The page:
At Nanyang Technological University, Singapore, an interdisciplinary research team has identified, for the first time, a crucial mechanism by which a serious plant disease can infect crops.
(From left to right) Assistant Professor Yu Jing from NTU’s School of Materials Science and Engineering and Associate Professor Miao Yansong from the School of Biological Sciences. Image Credit: Nanyang Technological University, Singapore.
The Xanthomonas bacteria, also called the “crop killer,” is a bacterium found worldwide and capable of infecting 400 different plant species. The infection leads to bacterial spots and blights in the leaves and fruits of the plants. In certain cases, once the disease is rooted, the only recourse option for a farmer is to cut down and burn the entire crop to prevent the spread of disease.
The NTU group discovered the precise cellular-level mechanism used by the bacteria to penetrate and hijack the immune system of a plant, thus leaving them susceptible to infection.
The Xanthomonas bacteria infect and harm plants by infusing harmful proteins into the plant host. These proteins hijack and assume the normal biological processes of the plant, inhibiting them from forging an immune response.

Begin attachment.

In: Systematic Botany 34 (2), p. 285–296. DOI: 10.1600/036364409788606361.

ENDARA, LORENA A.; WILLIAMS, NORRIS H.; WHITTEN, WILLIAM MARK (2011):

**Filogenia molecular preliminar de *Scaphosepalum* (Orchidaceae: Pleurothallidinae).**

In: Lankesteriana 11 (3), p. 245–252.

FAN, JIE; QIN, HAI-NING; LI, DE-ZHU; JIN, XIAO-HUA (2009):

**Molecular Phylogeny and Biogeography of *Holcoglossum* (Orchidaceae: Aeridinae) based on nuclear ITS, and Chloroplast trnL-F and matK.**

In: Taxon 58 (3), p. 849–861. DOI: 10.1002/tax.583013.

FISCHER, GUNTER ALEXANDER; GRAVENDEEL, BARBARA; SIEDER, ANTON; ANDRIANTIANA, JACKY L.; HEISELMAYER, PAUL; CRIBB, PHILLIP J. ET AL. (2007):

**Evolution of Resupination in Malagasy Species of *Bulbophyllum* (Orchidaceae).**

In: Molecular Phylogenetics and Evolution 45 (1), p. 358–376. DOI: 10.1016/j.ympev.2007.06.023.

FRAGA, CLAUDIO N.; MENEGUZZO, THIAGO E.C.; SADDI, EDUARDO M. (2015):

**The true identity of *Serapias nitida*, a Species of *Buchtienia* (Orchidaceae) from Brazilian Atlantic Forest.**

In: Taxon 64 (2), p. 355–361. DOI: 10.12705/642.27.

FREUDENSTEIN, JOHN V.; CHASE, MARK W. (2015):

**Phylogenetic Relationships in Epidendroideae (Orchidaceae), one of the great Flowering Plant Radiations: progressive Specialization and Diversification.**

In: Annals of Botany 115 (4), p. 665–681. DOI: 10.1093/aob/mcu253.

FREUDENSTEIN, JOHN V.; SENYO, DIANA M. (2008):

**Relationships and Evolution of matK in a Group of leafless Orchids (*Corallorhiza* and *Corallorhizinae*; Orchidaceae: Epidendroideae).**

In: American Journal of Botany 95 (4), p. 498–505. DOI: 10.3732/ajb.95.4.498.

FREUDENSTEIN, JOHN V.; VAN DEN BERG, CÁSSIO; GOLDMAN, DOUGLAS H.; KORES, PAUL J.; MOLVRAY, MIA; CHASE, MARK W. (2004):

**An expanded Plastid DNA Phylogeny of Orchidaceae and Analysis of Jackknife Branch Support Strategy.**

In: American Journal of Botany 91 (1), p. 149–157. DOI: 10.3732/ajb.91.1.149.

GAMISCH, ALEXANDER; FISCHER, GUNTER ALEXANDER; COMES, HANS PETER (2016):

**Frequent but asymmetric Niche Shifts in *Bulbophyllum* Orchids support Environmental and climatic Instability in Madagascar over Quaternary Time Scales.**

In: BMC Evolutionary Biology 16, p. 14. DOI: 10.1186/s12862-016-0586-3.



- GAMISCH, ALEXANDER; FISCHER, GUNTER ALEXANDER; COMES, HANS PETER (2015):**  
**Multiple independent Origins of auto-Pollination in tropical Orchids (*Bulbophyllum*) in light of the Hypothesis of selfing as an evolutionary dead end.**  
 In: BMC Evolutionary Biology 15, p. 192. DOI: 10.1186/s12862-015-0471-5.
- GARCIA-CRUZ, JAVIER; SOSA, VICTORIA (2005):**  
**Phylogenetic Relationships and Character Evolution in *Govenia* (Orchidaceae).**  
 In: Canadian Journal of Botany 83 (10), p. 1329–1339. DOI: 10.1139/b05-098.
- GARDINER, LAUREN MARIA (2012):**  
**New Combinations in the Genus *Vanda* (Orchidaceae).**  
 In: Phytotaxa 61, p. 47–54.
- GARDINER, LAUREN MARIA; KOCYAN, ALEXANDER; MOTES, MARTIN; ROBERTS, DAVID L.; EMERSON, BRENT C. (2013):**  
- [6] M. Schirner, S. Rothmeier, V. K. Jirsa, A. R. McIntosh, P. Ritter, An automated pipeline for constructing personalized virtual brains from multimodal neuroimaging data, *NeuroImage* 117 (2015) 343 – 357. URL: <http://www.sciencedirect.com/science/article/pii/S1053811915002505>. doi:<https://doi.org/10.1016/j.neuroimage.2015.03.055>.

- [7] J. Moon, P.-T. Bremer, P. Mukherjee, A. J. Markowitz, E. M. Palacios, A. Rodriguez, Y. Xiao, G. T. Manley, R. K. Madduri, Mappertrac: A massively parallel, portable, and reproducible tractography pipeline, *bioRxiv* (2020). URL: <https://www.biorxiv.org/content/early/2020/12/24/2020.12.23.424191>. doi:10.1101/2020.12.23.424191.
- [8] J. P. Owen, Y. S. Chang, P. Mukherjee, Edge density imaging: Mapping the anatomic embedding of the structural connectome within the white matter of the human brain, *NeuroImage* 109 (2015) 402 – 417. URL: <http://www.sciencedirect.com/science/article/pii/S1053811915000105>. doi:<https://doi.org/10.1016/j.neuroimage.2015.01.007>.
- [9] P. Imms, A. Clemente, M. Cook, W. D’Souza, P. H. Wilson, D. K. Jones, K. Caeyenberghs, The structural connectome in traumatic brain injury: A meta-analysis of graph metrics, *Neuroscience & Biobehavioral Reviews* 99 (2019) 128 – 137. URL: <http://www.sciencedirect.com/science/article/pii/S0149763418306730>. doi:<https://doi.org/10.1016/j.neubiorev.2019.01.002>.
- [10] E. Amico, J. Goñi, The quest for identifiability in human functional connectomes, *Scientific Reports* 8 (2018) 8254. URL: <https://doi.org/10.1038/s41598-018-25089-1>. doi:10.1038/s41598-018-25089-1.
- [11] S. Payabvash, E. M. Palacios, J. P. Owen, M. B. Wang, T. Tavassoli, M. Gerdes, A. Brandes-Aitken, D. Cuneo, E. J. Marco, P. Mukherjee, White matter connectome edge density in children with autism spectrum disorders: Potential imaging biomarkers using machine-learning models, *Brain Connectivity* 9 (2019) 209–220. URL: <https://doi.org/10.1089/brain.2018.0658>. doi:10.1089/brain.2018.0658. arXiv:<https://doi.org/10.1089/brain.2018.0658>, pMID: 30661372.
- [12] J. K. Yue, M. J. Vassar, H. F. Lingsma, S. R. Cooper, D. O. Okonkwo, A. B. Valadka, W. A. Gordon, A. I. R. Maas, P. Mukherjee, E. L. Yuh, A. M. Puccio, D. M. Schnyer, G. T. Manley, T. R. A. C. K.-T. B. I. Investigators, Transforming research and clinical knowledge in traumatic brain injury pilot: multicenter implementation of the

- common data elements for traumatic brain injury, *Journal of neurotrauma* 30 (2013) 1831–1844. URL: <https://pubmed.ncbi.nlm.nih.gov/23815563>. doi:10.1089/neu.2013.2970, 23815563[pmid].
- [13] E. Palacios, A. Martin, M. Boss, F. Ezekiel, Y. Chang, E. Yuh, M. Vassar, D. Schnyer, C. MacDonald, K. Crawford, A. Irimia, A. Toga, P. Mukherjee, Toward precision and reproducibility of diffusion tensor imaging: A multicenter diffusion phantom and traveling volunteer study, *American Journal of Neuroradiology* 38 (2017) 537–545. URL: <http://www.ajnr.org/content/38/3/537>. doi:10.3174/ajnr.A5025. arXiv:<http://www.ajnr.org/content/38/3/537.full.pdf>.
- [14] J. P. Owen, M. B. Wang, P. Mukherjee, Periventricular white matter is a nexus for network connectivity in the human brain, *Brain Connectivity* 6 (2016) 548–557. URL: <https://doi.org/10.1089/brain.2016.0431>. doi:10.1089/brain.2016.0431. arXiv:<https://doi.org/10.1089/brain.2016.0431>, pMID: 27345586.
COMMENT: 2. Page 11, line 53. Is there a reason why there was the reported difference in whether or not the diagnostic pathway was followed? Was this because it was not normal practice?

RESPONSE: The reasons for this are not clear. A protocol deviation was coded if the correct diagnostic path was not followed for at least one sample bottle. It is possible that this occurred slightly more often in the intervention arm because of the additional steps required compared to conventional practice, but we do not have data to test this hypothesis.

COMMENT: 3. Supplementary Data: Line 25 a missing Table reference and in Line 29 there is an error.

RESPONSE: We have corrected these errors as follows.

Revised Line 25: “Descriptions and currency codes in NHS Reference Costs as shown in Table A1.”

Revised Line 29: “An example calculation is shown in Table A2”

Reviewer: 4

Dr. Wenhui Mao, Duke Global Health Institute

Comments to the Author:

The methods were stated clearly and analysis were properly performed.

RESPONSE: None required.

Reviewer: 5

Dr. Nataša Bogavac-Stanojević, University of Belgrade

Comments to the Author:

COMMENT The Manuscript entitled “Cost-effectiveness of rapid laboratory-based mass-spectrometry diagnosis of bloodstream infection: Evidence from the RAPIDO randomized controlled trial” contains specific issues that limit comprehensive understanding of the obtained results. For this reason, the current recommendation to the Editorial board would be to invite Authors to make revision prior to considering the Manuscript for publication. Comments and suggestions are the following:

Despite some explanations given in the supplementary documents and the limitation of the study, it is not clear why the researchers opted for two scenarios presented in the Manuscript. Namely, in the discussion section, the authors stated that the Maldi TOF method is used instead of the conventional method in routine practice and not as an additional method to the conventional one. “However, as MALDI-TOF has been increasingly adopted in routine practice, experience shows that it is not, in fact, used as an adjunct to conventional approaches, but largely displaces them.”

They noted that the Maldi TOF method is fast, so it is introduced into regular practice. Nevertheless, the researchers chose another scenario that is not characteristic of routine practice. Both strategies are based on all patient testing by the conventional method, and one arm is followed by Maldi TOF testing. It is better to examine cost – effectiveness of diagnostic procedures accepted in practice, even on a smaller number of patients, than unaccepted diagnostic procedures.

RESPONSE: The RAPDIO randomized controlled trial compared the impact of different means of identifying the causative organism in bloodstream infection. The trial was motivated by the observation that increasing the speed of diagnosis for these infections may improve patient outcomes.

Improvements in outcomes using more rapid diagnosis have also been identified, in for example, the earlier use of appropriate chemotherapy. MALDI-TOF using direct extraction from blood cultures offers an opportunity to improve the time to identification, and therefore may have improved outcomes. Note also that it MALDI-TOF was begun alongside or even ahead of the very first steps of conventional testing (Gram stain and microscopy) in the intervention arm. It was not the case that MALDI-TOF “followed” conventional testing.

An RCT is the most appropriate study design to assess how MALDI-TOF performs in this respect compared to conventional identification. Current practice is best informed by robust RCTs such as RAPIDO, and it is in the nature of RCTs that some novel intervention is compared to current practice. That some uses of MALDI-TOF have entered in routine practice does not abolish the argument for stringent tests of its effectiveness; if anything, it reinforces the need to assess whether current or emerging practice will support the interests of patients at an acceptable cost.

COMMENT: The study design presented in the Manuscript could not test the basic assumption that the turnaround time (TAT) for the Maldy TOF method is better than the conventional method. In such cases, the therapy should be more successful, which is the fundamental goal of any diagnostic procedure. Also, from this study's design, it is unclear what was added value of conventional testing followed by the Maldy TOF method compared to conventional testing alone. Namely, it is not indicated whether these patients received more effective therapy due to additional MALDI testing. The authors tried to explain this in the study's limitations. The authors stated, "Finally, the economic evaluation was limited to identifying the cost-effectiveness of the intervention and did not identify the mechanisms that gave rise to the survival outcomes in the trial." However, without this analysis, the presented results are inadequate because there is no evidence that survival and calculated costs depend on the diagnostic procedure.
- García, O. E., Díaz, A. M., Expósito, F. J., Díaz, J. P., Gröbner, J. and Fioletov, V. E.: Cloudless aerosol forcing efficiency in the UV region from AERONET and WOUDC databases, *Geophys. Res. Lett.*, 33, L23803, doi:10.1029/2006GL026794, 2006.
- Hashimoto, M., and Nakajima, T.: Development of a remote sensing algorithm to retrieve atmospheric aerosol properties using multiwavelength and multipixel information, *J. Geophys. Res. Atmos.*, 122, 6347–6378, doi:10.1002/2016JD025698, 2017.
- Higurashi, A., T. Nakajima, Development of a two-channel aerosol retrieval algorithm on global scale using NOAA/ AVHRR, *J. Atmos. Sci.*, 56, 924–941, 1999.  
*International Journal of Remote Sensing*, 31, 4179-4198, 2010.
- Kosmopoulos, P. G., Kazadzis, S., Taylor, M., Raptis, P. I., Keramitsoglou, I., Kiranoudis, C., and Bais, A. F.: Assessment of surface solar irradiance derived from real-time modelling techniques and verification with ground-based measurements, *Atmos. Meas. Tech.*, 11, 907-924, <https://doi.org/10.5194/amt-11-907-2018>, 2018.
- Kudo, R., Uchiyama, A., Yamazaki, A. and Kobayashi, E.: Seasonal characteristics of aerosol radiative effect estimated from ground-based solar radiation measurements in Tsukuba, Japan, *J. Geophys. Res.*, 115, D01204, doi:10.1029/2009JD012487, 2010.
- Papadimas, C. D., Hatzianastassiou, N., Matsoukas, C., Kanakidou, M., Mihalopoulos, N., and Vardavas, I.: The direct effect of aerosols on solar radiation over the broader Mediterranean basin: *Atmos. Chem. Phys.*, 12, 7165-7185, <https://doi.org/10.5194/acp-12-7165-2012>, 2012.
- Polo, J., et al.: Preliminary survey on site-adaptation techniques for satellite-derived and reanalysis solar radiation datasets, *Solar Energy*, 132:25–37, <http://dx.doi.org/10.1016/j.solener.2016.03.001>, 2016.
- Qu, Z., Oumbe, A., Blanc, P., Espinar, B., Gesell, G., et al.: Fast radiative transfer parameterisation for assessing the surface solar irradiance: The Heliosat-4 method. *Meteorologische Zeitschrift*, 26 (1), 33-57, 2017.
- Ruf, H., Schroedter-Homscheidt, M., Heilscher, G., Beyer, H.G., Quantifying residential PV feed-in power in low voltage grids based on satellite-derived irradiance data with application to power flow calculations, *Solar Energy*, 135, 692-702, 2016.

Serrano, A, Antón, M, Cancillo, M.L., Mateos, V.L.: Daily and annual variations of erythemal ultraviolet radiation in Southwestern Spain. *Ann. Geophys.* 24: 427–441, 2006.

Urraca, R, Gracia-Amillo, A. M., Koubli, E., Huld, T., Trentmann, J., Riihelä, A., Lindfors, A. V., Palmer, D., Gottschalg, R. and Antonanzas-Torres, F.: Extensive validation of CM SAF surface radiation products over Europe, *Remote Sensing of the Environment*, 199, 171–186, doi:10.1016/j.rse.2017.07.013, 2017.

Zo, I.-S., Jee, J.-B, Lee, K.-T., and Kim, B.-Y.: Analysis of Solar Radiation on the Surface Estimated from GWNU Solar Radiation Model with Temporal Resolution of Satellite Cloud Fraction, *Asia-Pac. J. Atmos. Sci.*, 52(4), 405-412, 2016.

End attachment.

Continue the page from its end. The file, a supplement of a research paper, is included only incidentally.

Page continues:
The researchers found that the harmful proteins interact with plant cells like liquid droplets, enabling the bacteria protein to “glue” onto the plant cell and blend into it. This enables the Xanthomonas bacteria to intrude and invade the plant cell, making it susceptible to infection.
Gaining insights into the exact means by which plants and crops are infected by bacteria is a critical step in formulating methods to inhibit their infection and make crops capable of resisting the disease.
The researchers have obtained a provisional patent for a toolkit they created. This enables the researchers to simulate the infection process. This will enable them to test prospective solutions to strengthen crop immunity in laboratory settings. The toolkit also has potential applications for synthetic biology and agri-food technology in the future.
Sun, H., et al. (2021) Xanthomonas effector XopR hijacks host actin cytoskeleton via complex coacervation. Nature Communications. https://doi.org/10.1038/s41467-021-24375-3.